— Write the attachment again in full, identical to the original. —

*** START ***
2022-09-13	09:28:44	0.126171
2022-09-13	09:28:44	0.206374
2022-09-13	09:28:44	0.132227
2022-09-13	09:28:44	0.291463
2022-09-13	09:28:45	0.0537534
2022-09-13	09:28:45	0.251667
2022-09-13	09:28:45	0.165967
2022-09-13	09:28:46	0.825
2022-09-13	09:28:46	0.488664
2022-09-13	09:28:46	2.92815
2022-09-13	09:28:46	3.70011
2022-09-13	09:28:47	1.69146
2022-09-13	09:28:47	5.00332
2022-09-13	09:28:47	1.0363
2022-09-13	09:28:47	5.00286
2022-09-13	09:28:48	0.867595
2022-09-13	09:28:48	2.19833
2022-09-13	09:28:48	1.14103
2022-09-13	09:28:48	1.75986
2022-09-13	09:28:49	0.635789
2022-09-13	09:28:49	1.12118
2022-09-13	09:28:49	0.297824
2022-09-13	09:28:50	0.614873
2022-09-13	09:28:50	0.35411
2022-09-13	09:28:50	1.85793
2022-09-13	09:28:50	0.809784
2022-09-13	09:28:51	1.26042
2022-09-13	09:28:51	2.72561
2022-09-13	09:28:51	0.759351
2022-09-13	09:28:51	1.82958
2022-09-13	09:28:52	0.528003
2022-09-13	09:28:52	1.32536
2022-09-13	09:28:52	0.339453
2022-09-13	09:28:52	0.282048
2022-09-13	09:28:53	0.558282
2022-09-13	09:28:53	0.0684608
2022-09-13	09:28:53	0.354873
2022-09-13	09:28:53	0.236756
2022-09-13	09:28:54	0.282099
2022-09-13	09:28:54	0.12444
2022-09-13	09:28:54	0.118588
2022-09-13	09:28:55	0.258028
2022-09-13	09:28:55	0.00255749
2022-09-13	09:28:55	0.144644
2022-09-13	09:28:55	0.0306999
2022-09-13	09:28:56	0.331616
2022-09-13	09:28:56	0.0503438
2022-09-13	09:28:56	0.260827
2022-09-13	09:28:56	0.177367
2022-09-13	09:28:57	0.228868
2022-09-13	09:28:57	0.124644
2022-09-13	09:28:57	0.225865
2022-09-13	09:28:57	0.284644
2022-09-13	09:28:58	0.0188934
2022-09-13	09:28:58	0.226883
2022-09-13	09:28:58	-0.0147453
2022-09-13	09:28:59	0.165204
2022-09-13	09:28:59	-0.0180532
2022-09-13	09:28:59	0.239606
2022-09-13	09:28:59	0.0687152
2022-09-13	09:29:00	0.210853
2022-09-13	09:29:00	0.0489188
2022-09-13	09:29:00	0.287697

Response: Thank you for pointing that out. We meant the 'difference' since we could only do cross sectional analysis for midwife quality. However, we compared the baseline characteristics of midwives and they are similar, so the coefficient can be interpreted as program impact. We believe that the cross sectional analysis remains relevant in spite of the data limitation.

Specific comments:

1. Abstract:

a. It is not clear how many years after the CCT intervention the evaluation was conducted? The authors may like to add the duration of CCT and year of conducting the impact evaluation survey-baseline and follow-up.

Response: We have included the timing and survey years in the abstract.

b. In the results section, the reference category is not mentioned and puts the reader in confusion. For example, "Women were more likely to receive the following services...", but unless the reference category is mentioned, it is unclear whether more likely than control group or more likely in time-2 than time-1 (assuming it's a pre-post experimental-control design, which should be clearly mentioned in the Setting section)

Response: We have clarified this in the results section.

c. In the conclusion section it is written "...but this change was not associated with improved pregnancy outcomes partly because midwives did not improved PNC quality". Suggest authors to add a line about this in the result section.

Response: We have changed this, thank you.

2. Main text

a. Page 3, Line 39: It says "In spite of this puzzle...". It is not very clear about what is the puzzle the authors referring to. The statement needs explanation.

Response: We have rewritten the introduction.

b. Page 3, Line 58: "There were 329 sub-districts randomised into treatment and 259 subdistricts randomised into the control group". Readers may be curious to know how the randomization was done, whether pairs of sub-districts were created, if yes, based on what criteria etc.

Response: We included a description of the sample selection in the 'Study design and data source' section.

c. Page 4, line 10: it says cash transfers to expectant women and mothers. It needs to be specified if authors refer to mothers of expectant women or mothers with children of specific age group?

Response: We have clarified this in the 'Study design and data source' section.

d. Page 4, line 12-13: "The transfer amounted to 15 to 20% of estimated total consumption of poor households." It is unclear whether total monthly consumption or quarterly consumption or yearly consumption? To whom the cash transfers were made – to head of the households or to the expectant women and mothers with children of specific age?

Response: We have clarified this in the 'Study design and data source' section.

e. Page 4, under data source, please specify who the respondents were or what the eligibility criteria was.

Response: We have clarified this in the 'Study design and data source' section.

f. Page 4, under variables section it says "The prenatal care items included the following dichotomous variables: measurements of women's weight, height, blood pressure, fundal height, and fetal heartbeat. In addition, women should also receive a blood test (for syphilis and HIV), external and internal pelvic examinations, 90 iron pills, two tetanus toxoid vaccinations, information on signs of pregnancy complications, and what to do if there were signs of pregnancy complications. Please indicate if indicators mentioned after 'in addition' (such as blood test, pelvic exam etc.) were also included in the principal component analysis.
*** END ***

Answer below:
2022-09-13	09:28:44	0.126171
2022-09-13	09:28:44	0.206374
2022-09-13	09:28:44	0.132227
2022-09-13	09:28:44	0.291463
2022-09-13	09:28:45	0.0537534
2022-09-13	09:28:45	0.251667
2022-09-13	09:28:45	0.165967
2022-09-13	09:28:46	0.825
2022-09-13	09:28:46	0.488664
2022-09-13	09:28:46	2.92815
2022-09-13	09:28:46	3.70011
2022-09-13	09:28:47	1.69146
2022-09-13	09:28:47	5.00332
2022-09-13	09:28:47	1.0363
2022-09-13	09:28:47	5.00286
2022-09-13	09:28:48	0.867595
2022-09-13	09:28:48	2.19833
2022-09-13	09:28:48	1.14103
2022-09-13	09:28:48	1.75986
2022-09-13	09:28:49	0.635789
2022-09-13	09:28:49	1.12118
2022-09-13	09:28:49	0.297824
2022-09-13	09:28:50	0.614873
2022-09-13	09:28:50	0.35411
2022-09-13	09:28:50	1.85793
2022-09-13	09:28:50	0.809784
2022-09-13	09:28:51	1.26042
2022-09-13	09:28:51	2.72561
2022-09-13	09:28:51	0.759351
2022-09-13	09:28:51	1.82958
2022-09-13	09:28:52	0.528003
2022-09-13	09:28:52	1.32536
2022-09-13	09:28:52	0.339453
2022-09-13	09:28:52	0.282048
2022-09-13	09:28:53	0.558282
2022-09-13	09:28:53	0.0684608
2022-09-13	09:28:53	0.354873
2022-09-13	09:28:53	0.236756
2022-09-13	09:28:54	0.282099
2022-09-13	09:28:54	0.12444
2022-09-13	09:28:54	0.118588
2022-09-13	09:28:55	0.258028
2022-09-13	09:28:55	0.00255749
2022-09-13	09:28:55	0.144644
2022-09-13	09:28:55	0.0306999
2022-09-13	09:28:56	0.331616
2022-09-13	09:28:56	0.0503438
2022-09-13	09:28:56	0.260827
2022-09-13	09:28:56	0.177367
2022-09-13	09:28:57	0.228868
2022-09-13	09:28:57	0.124644
2022-09-13	09:28:57	0.225865
2022-09-13	09:28:57	0.284644
2022-09-13	09:28:58	0.0188934
2022-09-13	09:28:58	0.226883
2022-09-13	09:28:58	-0.0147453
2022-09-13	09:28:59	0.165204
2022-09-13	09:28:59	-0.0180532
2022-09-13	09:28:59	0.239606
2022-09-13	09:28:59	0.0687152
2022-09-13	09:29:00	0.210853
2022-09-13	09:29:00	0.0489188
2022-09-13	09:29:00	0.287697

Response: Thank you for pointing that out. We meant the 'difference' since we could only do cross sectional analysis for midwife quality. However, we compared the baseline characteristics of midwives and they are similar, so the coefficient can be interpreted as program impact. We believe that the cross sectional analysis remains relevant in spite of the data limitation.

Specific comments:

1. Abstract:

a. It is not clear how many years after the CCT intervention the evaluation was conducted? The authors may like to add the duration of CCT and year of conducting the impact evaluation survey-baseline and follow-up.

Response: We have included the timing and survey years in the abstract.

b. In the results section, the reference category is not mentioned and puts the reader in confusion. For example, "Women were more likely to receive the following services...", but unless the reference category is mentioned, it is unclear whether more likely than control group or more likely in time-2 than time-1 (assuming it's a pre-post experimental-control design, which should be clearly mentioned in the Setting section)

Response: We have clarified this in the results section.

c. In the conclusion section it is written "...but this change was not associated with improved pregnancy outcomes partly because midwives did not improved PNC quality". Suggest authors to add a line about this in the result section.

Response: We have changed this, thank you.

2. Main text

a. Page 3, Line 39: It says "In spite of this puzzle...". It is not very clear about what is the puzzle the authors referring to. The statement needs explanation.

Response: We have rewritten the introduction.

b. Page 3, Line 58: "There were 329 sub-districts randomised into treatment and 259 subdistricts randomised into the control group". Readers may be curious to know how the randomization was done, whether pairs of sub-districts were created, if yes, based on what criteria etc.

Response: We included a description of the sample selection in the 'Study design and data source' section.

c. Page 4, line 10: it says cash transfers to expectant women and mothers. It needs to be specified if authors refer to mothers of expectant women or mothers with children of specific age group?

Response: We have clarified this in the 'Study design and data source' section.

d. Page 4, line 12-13: "The transfer amounted to 15 to 20% of estimated total consumption of poor households." It is unclear whether total monthly consumption or quarterly consumption or yearly consumption? To whom the cash transfers were made – to head of the households or to the expectant women and mothers with children of specific age?

Response: We have clarified this in the 'Study design and data source' section.

e. Page 4, under data source, please specify who the respondents were or what the eligibility criteria was.

Response: We have clarified this in the 'Study design and data source' section.

f. Page 4, under variables section it says "The prenatal care items included the following dichotomous variables: measurements of women's weight, height, blood pressure, fundal height, and fetal heartbeat. In addition, women should also receive a blood test (for syphilis and HIV), external and internal pelvic examinations, 90 iron pills, two tetanus toxoid vaccinations, information on signs of pregnancy complications, and what to do if there were signs of pregnancy complications. Please indicate if indicators mentioned after 'in addition' (such as blood test, pelvic exam etc.) were also included in the principal component analysis.